It had been billed as ‘tax day’ – the day that we would see the Government’s tax strategy outlined and a lot of briefings had suggested we would see an indication for future tax rises to come in the short or medium term. Predictions ranged from capital gains tax consultations to pension relief cuts.
Ultimately, a day which promised much, (even if it was to be bad news) actually delivered very little.
What wasn’t announced on tax day?
Before we look at what was included, there were a few key items which were conspicuous by their absence:
- Changes to pension tax relief
- Capital gains tax
- Online sales tax
- Gig economy workers
Future tax policies
There were 30 areas announced where the Treasury will be looking at in the future, including:
- Tax administration
- Tackling non-compliance
- Other tax policies
These measures will be targeted at making reporting more real time reporting. The document specifically mentioned that this could involve individuals and companies paying tax more often as the year progresses. This is something we have been predicting and will need a lot of work to achieve, but it is now a stated target, rather than something that has been assumed to be happening.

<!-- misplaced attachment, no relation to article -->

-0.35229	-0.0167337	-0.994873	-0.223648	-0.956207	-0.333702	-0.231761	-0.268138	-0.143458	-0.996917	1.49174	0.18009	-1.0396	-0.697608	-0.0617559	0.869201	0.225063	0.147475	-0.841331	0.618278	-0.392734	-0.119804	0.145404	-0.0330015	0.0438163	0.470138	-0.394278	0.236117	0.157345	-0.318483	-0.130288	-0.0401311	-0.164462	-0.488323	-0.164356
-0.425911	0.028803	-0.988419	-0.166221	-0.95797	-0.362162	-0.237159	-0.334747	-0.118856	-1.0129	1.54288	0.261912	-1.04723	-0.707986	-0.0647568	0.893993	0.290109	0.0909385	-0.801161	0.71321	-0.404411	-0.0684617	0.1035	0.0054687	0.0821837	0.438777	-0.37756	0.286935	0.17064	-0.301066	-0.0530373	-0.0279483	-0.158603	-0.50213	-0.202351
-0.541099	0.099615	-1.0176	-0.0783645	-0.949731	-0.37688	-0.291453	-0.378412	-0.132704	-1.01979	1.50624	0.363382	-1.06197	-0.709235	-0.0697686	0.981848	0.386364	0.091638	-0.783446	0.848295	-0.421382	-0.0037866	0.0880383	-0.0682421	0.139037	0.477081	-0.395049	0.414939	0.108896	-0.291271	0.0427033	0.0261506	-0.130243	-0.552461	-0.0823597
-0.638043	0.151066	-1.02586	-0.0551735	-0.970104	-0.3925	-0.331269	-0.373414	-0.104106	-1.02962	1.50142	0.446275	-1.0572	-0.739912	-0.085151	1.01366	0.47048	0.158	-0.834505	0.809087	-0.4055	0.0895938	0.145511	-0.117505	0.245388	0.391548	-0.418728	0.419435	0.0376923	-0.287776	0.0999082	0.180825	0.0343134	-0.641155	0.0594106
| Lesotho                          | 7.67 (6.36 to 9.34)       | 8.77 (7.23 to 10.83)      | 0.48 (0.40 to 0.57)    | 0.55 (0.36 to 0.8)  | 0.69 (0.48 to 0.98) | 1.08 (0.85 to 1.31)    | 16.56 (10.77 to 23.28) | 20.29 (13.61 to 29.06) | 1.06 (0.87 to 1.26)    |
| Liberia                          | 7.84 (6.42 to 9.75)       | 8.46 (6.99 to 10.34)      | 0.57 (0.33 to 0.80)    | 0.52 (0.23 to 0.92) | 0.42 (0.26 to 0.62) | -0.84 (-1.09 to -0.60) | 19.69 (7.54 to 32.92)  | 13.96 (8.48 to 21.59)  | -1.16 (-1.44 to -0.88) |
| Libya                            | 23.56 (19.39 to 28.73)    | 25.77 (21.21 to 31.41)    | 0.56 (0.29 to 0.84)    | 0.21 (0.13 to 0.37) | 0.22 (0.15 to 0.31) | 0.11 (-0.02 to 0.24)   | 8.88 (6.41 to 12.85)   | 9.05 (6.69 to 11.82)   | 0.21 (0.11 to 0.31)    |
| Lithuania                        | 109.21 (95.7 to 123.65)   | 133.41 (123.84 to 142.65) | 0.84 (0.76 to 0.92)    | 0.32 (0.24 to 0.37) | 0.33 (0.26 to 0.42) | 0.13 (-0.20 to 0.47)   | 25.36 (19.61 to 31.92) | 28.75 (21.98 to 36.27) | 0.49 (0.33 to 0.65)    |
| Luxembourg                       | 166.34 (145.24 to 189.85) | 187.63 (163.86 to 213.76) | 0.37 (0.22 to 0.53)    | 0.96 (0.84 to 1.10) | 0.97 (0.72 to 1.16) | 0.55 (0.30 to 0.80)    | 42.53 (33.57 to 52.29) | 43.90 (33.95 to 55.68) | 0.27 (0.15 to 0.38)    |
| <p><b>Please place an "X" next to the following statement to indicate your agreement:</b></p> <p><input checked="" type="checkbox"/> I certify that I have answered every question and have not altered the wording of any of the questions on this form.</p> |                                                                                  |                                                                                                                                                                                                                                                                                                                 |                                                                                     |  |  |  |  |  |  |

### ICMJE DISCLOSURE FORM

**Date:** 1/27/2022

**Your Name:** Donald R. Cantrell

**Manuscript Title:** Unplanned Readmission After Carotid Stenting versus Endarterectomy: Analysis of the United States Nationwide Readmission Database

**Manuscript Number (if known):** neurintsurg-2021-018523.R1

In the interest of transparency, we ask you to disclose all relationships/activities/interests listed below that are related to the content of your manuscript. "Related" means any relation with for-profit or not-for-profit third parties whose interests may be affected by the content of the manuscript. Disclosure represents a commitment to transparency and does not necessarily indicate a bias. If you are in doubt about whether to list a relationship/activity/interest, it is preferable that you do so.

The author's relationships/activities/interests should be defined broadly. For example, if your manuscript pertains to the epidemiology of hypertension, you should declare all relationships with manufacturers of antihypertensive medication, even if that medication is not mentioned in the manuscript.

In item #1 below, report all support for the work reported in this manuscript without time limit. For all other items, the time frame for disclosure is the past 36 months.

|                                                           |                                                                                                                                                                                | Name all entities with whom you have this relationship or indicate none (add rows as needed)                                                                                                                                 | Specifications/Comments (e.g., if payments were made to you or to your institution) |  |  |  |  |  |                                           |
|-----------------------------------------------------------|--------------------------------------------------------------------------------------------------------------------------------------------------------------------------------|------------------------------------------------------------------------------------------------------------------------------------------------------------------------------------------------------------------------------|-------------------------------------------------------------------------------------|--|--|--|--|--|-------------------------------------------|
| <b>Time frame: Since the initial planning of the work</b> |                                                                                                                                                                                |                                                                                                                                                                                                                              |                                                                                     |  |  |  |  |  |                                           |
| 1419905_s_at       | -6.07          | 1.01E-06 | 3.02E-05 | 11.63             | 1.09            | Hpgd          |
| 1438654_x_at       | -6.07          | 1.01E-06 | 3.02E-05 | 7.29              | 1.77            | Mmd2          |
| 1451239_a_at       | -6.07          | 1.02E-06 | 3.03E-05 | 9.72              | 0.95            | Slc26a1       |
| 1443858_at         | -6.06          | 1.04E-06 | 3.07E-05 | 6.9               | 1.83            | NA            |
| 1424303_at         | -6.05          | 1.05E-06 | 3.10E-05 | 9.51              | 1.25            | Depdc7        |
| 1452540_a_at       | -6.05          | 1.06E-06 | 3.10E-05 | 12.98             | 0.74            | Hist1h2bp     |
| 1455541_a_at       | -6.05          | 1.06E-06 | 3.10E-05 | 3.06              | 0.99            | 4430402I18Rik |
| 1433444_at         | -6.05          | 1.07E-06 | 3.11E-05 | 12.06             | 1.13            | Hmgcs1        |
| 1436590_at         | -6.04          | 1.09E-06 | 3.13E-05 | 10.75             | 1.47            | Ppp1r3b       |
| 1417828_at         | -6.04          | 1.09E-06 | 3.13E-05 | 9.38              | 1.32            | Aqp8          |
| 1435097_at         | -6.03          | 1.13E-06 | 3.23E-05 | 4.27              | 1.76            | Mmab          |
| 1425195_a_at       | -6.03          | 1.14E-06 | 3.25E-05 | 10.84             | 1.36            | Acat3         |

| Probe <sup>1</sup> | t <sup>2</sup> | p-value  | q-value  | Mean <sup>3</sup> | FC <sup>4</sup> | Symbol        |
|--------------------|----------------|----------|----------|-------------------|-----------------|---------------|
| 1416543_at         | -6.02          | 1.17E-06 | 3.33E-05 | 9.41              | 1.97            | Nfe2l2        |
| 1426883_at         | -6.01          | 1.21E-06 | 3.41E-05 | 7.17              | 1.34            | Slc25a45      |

There will also be lower administration burdens on people recording Inheritance Tax details, where no tax is due.
There will be an increased focus on tax avoidance.
Within this category was a note that there would be a review of how changes to how people who provide their services via Personal Service Companies (PSC) would be taxed. This is already in place for public sector organisations and is starting for larger companies from April this year. However, it seems only a matter of time until this filters down to small companies.
In summary, if individuals are providing their services via a PSC, they could be deemed employed by the end customer in the chain. As preparation for this, businesses should be looking at who they engage on this business and how they would be affected.
Other tax day policies
Business rates will be reviewed generally as an overall concept. This will conclude in the autumn.
Rates in relation to people with second homes who are using them as holiday accommodation and that reduced business rates apply.
The Taxation of Trusts will be reviewed following previous consultations. Trusts have become less popular with penal tax rates recently and it would be unlikely to see these reversed.
VAT will be reviewed for more technical areas such as partial exemption and VAT groups.
Whether it was an exercise in PR and not giving the public too much bad news, only time will tell. We all know tax rises will come in the future, but for certainty in plans, we just need to know where and when. With the proposed corporation tax rate rises in 2023, perhaps there had been enough news thus far from a political view point.
We will, of course, keep you up to date with any of the results from the reviews and consultations.
If you would like to find out more about how these changes could affect your business, please do contact us and our specialist tax team will be happy to help you.